IT IS A RESOURCE FOR THE STUDY OF THE HISTORY AND THEORY OF THE ART OF ARCHITECTURE
Panorama of Firenze, Tuscany
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Visit below to read a Short Synopsis of "A Brief Synopsis of Architectural History in the West.".
For information on Western and non-Western Architectural Heritages see: Architecture in Russia, India, Japan, China, South America, the Muslim World, Sub-Saharan Africa, South East Asia, and Western Hemisphere Architecture Sections 1-4
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Interior of the Church of Saint Mark at Bjorkhagen by Sigurd Lewerentz
Interior Chapels of the Monastery of La Tourette by Le Corbusier, Belfort, France
The Guggenheim Museum at Bilbao by Frank O. Gehry opened 1997.
THE HISTORY OF ARCHITECTURE IN THE WEST.
A Brief Synopsis of Architectural History in the West.
This is a very short history of architecture in the Western world, from prehistoric to modern times. The history below includes no information about the wide variation and extensive parallel history of architecture in Russia, China, Japan, Vietnam, Burma, Cambodia, Indonesia, the Indian sub-Continent, the Muslim World, Sub-Saharan Africa, and Latin America. For these topics, see the later sections of the Website listed above.
The Buildings Database and Architects' Works Database does also include information on these other non-Western Architectural Zones.
This present History shown below is a view from the Western World of architecture. For additional information on Russian, Japanese, Chinese, Indian, South-East Asian, Early & Late Latin American, Sub-Saharan & Islamic Islamic Architecture see the Sub-Sections Above.
Architecture is an art, and Architectural styles overlap and do not start and stop at precise times, and the dates listed here are quite approximate and vary from region to region.
Architecture in Prehistoric Times 12,000 BC to 4,000 BC
Before recorded history, humans constructed stone circles, and megaliths, inhabited and decorated caves, and created temporary timber and stone dwelling structures and villages. Mesopotamian Architecture began to develop urban constructions.
Architecture in Mesopotamia from 4,000 BC to 400 BC.
In the valley of the Tigris and Euphrates and Persia, successive Empires constructed monumental brick and stone fortified Cities, Temples, and Mortuaries. The Hanging Gardens of Babylon were one of the Wonders of the Ancient World. The glorious architecture of Persepolis was swept aside by Alexander the Great's invasion.
Ancient Egyptian Architecture 3,500 BC to 900 BC
In ancient Egypt, powerful Pharaonic dynasties constructed monumental Pyramids, Temples, Mortuaries and Shrines. Much Pharaonic architecture was for the glorification of the Dead. The Great Pyramid remains the greatest building volume in the World.
Classical Greek Architecture 800 BC to 146 AD
From the rise of the ancient Greek City States, Greek Architects constructed finely conceived Classical stone Temples, Stadia, Necropoles, Theatres, and Palaces. The refinements of Greek architectural proportion and detail have never been surpassed. The influence of Greek architecture lasted 2,000 years in the West.
Roman Architecture 146 BC to 400 AD
After the fall of ancient Greece to the Roman Empire, the Romans adopted and further developed the Classical Style. They built brick & stone Temples, Triumphal Arches, Aqueducts, Stadia, Amphitheatres, Basilicas, Theatres, Palaces and Bridges, in great Cities connected by road networks. The organisation of Roman Cities rivalled modern cities and their services in its complexity.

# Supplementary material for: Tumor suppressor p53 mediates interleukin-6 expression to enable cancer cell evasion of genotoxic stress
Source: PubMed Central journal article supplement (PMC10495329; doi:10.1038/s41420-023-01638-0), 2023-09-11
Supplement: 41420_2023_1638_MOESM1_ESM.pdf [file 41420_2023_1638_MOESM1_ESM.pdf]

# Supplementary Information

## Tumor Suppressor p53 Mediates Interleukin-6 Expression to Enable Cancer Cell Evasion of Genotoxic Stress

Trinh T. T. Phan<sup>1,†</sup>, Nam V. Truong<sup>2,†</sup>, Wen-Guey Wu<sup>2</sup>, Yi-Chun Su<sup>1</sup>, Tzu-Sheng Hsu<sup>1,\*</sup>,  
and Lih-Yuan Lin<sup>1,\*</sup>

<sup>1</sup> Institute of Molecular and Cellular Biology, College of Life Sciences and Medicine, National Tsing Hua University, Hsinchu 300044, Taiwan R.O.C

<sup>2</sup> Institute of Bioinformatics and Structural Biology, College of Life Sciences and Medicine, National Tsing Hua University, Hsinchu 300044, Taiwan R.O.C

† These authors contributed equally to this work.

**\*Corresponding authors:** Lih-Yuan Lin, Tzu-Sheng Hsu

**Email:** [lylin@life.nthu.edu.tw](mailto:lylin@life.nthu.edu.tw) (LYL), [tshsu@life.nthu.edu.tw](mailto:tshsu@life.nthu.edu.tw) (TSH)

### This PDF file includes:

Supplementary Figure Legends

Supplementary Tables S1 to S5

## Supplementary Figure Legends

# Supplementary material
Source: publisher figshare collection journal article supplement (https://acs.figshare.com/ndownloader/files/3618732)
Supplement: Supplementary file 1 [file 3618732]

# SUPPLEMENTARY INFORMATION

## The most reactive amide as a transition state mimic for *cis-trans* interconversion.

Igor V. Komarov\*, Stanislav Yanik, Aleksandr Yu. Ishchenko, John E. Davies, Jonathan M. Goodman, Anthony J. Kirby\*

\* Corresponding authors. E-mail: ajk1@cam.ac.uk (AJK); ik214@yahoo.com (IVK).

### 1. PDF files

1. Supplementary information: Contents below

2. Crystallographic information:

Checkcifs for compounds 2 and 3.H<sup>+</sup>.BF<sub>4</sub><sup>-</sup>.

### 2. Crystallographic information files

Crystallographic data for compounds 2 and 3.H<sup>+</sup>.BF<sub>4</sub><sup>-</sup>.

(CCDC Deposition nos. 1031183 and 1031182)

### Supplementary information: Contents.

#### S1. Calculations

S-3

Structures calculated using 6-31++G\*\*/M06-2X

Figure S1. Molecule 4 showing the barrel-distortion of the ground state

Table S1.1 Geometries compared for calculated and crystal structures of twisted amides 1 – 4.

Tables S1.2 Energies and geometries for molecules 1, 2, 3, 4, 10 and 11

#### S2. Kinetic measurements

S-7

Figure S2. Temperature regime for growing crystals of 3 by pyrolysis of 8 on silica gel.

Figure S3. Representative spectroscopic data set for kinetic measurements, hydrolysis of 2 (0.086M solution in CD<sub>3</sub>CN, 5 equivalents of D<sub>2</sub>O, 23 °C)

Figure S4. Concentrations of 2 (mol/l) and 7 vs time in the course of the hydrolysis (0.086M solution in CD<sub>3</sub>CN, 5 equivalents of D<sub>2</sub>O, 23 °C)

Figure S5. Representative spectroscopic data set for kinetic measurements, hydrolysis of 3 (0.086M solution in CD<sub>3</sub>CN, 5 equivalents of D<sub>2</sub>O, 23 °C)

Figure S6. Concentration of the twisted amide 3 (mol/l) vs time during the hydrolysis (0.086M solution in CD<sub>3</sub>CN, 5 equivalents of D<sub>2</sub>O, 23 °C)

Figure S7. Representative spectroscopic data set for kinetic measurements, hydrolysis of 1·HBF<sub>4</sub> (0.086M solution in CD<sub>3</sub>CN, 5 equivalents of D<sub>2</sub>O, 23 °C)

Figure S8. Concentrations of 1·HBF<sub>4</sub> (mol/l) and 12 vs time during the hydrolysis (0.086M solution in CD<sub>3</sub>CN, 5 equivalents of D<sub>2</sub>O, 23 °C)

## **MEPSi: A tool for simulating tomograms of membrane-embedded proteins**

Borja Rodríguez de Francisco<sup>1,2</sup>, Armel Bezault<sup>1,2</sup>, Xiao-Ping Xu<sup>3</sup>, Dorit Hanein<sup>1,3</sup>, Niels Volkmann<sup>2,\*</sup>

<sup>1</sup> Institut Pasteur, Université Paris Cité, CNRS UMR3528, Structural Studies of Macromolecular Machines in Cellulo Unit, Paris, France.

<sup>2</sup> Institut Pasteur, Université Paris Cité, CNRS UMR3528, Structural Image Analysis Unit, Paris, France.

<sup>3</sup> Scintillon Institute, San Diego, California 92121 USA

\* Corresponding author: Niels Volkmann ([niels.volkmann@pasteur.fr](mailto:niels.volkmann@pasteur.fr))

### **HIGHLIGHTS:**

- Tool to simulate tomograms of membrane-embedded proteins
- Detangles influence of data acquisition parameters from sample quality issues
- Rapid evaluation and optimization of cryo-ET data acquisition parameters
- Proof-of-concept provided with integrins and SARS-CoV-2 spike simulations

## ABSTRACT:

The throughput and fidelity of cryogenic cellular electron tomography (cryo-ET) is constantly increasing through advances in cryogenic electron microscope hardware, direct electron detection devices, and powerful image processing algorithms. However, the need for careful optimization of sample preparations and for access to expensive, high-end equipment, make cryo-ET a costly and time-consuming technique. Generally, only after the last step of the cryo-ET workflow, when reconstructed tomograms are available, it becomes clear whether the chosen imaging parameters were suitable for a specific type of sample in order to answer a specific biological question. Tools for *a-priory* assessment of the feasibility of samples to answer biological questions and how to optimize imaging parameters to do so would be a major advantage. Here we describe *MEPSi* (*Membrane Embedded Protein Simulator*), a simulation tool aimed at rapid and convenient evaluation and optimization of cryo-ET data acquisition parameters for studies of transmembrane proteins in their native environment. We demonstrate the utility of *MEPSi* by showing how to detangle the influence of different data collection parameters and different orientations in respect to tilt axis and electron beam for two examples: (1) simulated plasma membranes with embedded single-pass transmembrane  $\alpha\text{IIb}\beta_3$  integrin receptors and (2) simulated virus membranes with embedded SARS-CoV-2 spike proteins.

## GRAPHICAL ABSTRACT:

Early Christian Architecture 375 AD to 800 AD
European architecture moved on from the Roman Era and developed the Roman basilica form and Classical circular temple form to create the early Christian Churches Roman mosaic work was continued to decorate the interiors of these churches. Byzantine Architecture 375 to 800 AD The Eastern Roman Empire developed into the Byzantine Empire which developed unique domed Churches utilizing the Late Roman pendentive support for the domes. These construction methods made possible very large unobstructed interior spaces. Mosaic decoration was highly developed in these buildings.
Romanesque Architecture 500 to 1200 AD
In post-Roman Western Europe a style based on the Roman arcaded structure developed into Romanesque architecture with Roman semi-circular rounded arches. This style was very prominent in Germany. In Italy, it lingered far into the Gothic era.
Gothic Architecture 1100 to 1450 AD
Innovative Medieval architects created the pointed arch under Islamic influence to free up the vaulting methods used in the great cathedrals of Europe. In the Gothic cathedral, large stained-glass panels filled huge windows, which lit and coloured the interior Gothic architecture was only grudgingly used in Italy. In France, daringly sparse construction was pushed to the point of structural collapse in the pursuit of impressive lightness.
Renaissance Architecture 1450 to 1700 AD
The fall of Byzantium and the diaspora of knowledge and scholars led to a return to classical ideals. The Renaissance architects studied the Roman and Greek World of architecture. This style spread from Portugal to Poland and was exported to the New World and Asia by Colonists. Mannerist Architecture 1550 to 1650 AD Mannerist Architecture was a rebellion against the strict replication of Classical Architecture. A chief proponent was Michelangelo and his work led on to the Baroque Era. It was found in Palaces, Academic Buildings and Churches where it gave new freedom of expression to space.
Baroque Architecture 1600 to 1730 AD
The Baroque style was characterised by flowing lines and spaces, lightness, opulence, and dramatic churches and palaces with dynamic plans and extravagant ornamentation and colours. The movement began in Italy and Spain and spread over all of Europe. In Austria and South Germany, it achieved singular success. Again this style was exported to the New World and Asia by Colonists and the Jesuits.
Rococo Architecture 1650 to 1790 AD
The Rococo style was a further development of the Baroque Style and was greatly utilised in Germany, Austria, and Eastern Europe as far as Russia. Much elaborate decoration and extravagant sweeping curves were added to buildings distinguished by effects of lightness and joy.
American Colonial Architecture 1600 to 1780 AD
European Colonists settled in the New World, in both North and South America. The architects borrowed ideas from their homelands to create their own local styles of architecture influenced by climate and locally available materials.
Georgian Architecture 1720 to 1800 AD
Georgian was an English variant of Renaissance architecture. It was exported to English Colonies including Australia, India, and the American Colonies. The style created distinguished and orderly Houses, Churches, and Public Buildings of all sorts. It facilitated large scale town-planning.
Neoclassical Architecture 1730 AD to 1925